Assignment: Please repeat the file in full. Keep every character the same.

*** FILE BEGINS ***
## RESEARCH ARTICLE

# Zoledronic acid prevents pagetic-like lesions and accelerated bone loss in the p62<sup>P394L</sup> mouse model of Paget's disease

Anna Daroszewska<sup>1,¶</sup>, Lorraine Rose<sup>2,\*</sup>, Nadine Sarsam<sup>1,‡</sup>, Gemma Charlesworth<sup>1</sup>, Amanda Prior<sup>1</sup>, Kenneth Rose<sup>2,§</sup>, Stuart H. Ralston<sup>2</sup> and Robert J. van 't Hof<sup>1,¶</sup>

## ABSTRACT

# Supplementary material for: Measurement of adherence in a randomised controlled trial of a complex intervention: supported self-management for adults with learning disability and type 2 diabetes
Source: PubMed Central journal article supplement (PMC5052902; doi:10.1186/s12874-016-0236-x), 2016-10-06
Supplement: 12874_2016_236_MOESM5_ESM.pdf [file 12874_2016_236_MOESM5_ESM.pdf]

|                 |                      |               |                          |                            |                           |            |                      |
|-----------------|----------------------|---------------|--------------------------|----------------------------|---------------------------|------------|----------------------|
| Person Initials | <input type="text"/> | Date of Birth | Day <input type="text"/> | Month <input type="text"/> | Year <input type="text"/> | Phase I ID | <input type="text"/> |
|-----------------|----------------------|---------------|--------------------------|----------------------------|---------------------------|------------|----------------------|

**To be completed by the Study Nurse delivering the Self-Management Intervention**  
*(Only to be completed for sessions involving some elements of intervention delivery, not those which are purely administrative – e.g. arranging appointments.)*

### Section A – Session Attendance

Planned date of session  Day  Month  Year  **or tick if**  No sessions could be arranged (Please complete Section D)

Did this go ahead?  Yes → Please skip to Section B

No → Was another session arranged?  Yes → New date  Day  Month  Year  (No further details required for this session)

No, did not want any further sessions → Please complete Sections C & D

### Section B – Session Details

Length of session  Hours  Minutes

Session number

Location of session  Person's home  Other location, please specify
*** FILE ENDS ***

## RESEARCH ARTICLE

# Zoledronic acid prevents pagetic-like lesions and accelerated bone loss in the p62<sup>P394L</sup> mouse model of Paget's disease

Anna Daroszewska<sup>1,¶</sup>, Lorraine Rose<sup>2,\*</sup>, Nadine Sarsam<sup>1,‡</sup>, Gemma Charlesworth<sup>1</sup>, Amanda Prior<sup>1</sup>, Kenneth Rose<sup>2,§</sup>, Stuart H. Ralston<sup>2</sup> and Robert J. van 't Hof<sup>1,¶</sup>

## ABSTRACT

# Supplementary material for: Measurement of adherence in a randomised controlled trial of a complex intervention: supported self-management for adults with learning disability and type 2 diabetes
Source: PubMed Central journal article supplement (PMC5052902; doi:10.1186/s12874-016-0236-x), 2016-10-06
Supplement: 12874_2016_236_MOESM5_ESM.pdf [file 12874_2016_236_MOESM5_ESM.pdf]

|                 |                      |               |                          |                            |                           |            |                      |
|-----------------|----------------------|---------------|--------------------------|----------------------------|---------------------------|------------|----------------------|
| Person Initials | <input type="text"/> | Date of Birth | Day <input type="text"/> | Month <input type="text"/> | Year <input type="text"/> | Phase I ID | <input type="text"/> |
|-----------------|----------------------|---------------|--------------------------|----------------------------|---------------------------|------------|----------------------|

**To be completed by the Study Nurse delivering the Self-Management Intervention**  
*(Only to be completed for sessions involving some elements of intervention delivery, not those which are purely administrative – e.g. arranging appointments.)*

### Section A – Session Attendance

Planned date of session  Day  Month  Year  **or tick if**  No sessions could be arranged (Please complete Section D)

Did this go ahead?  Yes → Please skip to Section B

No → Was another session arranged?  Yes → New date  Day  Month  Year  (No further details required for this session)

No, did not want any further sessions → Please complete Sections C & D

### Section B – Session Details

Length of session  Hours  Minutes

Session number

Location of session  Person's home  Other location, please specify